Rats have historically been a problem in human living environments.
The most common rat in Baltimore is the Norway rat also known as the Brown Rat. Adult Norway Rats have course brownish fur and the young ones have soft gray fur. They are a source of disease, cause property damage and rat infestation affects the image of your community.
Good sanitation practices are the best way to control rat populations. Rats need food, water and shelter. Eliminating one or more of these vital factors will result in a reduction in the rodent population.
Do you have a rat problem?
Rats are generally active in the evening and at night but may be seen during the day when infestations are heavy. Look for these signs which may be due to rats:
- Burrows (holes) near sidewalks, bushes and plants, along your house’s foundation and in the basement. An active burrow is free of cobwebs and debris. Watch for signs of freshly disturbed soil at the base of structural foundations and along sidewalks and driveways.
- Gnawing marks (chewing) around doors, windows, plumbing, electrical outlets and doorways. The incisor teeth of rats grow at a rate of 4 to 6 inches a year so they must gnaw every day to keep their teeth at the proper length. Norway rats will gnaw through blacktop to burrow beneath foundations and alleyways.
- Dark colored fresh rat droppings in hidden areas along walls.
- Runways where rats go back and forth leaving dark, greasy track marks along baseboards and worn down paths in the grass. Indoors, Norway rats prefer continual body contact with at least one vertical surface such as a wall near ground or floor level.
I have a rat problem what do I do?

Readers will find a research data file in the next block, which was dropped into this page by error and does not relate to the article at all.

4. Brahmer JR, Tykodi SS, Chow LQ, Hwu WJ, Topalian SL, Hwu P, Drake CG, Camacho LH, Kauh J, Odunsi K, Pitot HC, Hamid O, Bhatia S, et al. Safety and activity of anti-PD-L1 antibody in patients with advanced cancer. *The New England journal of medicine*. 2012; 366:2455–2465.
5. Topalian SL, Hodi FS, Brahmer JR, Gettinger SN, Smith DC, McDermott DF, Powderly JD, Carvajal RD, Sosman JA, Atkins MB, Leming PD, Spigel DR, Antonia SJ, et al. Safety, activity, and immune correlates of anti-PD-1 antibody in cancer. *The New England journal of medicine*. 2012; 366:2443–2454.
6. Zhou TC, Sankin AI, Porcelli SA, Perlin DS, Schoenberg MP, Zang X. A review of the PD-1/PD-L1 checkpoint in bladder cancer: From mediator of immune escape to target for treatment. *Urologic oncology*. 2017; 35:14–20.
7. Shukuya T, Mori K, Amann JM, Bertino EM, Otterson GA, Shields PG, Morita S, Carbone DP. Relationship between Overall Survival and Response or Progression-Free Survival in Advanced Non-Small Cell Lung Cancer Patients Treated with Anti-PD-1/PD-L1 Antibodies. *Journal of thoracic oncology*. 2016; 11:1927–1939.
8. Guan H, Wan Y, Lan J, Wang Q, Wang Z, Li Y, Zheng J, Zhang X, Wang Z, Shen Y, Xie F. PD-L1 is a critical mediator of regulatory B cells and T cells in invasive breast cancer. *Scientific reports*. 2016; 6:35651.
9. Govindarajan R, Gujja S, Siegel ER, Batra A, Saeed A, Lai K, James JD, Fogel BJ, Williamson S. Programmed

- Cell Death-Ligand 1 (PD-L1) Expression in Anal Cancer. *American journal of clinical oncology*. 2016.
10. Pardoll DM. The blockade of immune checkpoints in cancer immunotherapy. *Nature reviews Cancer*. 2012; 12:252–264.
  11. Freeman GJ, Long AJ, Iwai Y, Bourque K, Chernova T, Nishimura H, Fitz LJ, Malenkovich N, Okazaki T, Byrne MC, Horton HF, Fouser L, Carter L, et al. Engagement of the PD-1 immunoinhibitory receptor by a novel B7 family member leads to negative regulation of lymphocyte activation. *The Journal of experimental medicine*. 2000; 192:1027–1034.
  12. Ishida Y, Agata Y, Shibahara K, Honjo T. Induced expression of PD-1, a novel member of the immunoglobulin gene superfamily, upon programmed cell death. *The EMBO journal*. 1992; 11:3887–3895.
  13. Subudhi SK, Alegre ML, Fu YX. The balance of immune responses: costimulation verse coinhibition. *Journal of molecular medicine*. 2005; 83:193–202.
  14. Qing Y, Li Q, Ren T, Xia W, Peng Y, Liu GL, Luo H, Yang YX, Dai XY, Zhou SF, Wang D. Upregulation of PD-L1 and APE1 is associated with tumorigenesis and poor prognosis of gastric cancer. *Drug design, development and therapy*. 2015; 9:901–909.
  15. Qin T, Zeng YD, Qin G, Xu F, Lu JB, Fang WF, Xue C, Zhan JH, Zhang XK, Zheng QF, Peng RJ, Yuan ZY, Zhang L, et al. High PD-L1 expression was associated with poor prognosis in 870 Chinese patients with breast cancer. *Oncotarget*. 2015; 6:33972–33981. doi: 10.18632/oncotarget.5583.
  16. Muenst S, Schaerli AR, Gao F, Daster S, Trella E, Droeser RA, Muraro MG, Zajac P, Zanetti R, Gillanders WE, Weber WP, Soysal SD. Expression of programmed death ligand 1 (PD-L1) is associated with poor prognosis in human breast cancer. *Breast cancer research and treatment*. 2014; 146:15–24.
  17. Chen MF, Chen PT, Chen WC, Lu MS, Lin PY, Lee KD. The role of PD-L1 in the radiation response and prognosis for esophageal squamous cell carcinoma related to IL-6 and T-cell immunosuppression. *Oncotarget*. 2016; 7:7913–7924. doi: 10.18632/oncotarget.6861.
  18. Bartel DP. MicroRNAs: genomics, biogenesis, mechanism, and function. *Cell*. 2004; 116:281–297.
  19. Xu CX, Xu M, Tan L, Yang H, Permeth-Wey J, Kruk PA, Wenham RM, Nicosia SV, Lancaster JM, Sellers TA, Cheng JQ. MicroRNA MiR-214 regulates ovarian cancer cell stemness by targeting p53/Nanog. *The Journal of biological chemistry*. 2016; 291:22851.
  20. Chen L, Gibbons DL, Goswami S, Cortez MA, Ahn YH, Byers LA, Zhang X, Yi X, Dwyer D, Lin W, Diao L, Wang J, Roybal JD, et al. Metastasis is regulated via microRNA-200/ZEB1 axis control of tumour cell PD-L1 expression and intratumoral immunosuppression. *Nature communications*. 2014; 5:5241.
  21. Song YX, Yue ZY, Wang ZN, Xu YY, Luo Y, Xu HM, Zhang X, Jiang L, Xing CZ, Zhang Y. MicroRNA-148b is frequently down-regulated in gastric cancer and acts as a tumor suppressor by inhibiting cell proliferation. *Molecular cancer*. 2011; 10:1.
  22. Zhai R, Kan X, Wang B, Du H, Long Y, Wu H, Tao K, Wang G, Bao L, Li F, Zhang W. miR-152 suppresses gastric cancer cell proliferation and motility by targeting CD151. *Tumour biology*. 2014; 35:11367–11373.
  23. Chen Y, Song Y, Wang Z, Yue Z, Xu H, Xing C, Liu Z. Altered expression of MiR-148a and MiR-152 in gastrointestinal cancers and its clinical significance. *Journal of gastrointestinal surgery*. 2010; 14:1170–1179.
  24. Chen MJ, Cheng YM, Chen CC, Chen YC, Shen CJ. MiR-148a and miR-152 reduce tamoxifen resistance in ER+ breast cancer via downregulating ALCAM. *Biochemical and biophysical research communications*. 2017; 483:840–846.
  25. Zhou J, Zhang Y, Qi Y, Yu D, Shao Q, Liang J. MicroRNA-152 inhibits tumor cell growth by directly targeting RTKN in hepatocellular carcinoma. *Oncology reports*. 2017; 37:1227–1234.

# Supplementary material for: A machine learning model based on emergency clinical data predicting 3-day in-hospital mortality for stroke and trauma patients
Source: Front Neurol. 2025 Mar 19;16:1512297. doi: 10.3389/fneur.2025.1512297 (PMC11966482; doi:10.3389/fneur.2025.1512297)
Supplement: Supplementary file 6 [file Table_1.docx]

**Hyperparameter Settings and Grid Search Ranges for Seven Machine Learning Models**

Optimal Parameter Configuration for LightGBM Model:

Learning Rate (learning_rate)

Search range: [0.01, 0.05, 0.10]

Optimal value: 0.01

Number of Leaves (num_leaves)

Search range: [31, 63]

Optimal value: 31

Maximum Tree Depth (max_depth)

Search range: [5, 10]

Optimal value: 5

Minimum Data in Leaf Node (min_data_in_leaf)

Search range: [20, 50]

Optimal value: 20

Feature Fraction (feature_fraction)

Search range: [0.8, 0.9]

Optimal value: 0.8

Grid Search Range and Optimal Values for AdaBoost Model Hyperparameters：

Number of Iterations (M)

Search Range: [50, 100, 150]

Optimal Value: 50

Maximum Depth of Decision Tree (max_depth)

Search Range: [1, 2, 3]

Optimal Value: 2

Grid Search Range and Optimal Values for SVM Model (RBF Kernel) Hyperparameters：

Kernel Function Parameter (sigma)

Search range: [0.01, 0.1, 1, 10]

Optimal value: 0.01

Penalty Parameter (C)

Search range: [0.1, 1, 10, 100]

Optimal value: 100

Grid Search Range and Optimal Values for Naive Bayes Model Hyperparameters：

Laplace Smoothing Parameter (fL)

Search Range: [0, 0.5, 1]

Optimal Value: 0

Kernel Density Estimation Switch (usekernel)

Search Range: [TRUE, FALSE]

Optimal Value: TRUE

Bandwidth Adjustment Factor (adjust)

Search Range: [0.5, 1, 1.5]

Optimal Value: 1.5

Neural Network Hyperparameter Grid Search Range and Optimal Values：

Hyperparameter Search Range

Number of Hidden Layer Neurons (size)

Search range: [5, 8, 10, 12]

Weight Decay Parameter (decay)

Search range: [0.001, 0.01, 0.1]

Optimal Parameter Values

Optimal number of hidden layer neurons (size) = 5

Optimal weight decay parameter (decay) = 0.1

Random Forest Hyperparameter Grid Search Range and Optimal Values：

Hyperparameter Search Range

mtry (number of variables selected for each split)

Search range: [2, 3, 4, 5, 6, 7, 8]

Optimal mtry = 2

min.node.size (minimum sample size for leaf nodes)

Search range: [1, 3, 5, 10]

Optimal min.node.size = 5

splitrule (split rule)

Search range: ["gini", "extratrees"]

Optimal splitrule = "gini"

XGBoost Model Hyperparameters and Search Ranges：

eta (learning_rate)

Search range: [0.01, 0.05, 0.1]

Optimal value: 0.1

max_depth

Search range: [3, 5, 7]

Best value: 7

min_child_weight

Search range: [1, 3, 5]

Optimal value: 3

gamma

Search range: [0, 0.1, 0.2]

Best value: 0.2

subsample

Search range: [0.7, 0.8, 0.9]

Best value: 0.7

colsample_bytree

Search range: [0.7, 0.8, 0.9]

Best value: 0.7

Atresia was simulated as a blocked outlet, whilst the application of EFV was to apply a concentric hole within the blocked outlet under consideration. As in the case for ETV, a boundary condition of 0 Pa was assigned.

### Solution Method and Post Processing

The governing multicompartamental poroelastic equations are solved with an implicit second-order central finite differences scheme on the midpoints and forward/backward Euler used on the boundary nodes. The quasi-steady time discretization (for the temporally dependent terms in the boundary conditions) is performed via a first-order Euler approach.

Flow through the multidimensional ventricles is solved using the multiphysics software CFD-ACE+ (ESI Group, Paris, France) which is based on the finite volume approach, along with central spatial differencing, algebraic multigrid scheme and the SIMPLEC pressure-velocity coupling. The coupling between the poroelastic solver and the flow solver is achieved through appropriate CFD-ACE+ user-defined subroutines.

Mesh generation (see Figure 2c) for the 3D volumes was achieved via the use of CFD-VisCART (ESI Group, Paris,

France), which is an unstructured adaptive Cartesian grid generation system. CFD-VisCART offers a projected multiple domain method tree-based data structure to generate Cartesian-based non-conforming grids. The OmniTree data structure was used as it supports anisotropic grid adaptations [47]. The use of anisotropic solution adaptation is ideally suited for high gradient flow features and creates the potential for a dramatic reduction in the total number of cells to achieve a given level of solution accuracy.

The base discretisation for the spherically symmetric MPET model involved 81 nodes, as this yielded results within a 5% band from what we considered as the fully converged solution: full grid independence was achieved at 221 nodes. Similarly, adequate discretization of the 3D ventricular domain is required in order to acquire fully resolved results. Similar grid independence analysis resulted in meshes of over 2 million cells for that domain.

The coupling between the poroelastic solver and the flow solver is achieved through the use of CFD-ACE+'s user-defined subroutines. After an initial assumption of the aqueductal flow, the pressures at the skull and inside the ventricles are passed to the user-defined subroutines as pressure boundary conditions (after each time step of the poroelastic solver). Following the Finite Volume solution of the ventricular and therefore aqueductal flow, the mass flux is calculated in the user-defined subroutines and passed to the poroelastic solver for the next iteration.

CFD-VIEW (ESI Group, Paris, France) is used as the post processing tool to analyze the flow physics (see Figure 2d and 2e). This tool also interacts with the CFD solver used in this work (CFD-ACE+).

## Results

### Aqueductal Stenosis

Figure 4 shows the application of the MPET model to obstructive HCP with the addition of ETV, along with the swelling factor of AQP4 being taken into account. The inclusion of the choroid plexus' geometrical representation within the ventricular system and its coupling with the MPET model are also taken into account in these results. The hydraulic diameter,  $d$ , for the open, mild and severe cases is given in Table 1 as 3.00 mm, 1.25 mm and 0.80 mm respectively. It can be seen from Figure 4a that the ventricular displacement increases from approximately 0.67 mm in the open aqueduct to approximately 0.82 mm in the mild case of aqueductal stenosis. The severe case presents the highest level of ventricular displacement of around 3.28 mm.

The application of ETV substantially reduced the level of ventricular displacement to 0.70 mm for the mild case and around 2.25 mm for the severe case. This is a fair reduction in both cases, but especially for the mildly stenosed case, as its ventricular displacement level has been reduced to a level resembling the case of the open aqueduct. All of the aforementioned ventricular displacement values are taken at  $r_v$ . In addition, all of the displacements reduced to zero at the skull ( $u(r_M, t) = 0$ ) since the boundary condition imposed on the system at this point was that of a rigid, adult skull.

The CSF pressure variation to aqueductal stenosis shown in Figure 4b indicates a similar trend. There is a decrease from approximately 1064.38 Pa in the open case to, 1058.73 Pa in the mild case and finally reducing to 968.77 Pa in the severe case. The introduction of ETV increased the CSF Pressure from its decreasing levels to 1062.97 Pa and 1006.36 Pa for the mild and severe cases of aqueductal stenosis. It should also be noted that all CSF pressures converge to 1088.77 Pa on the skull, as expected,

If you think you have a rat problem, please call 311 or submit an online service request for us to come and inspect the area, and if necessary bait the area. Noting, residents will need to complete and submit a right of entry form before we can enter private property and treat it for rats. Workers can also bait with authority of the Heath Commissioner’s Order if the area is deemed a health risk or if resident calls 311 for their own property
Rat Baiting Proceedure
- A pest control worker will inspect the property and look for active rat burrow. Employees can only apply the poisonous bait if a burrow is present because the chemicals are placed deep inside the burrow.
- The Pest Control Worker will place yellow flags in each burrow that was treated and will leave a hang card to let resident know that it was treated.
- Pets should not be able to access the poisonous chemicals unless they dig deep into the burrows. If your cat or dog does eat the poison, it is advisable to seek medical attention with your veterinarian or poison control. While not fatal for animals larger than rats, the chemicals could make your pet ill if consumed.
What can you do to decrease a rat problem?
- Use a durable trashcan with a tight-fitting lid. It’s the law. Do not put out trash in plastic bags! Rats will chew through them and feast on your leftovers!
- Remove leftover pet food (cats, dogs and birds) and animal waste (feces) every day from the back of your yard. Animal waste contains undigested pet food that rats will eat!
- Remove old furniture, vehicles and appliances from your property. Don’t give rats a home!
- Mow tall grass and weeds. Don’t give them a place to hide!
- Don’t let rats inside! Rats can squeeze through cracks and holes as small as half an inch. Seal all holes and cracks in foundations, walls, floors and around windows.
- Store lumber, firewood and other materials well off the ground.
- Repair any breaks in the sewer line that connects from your home to the main sewer.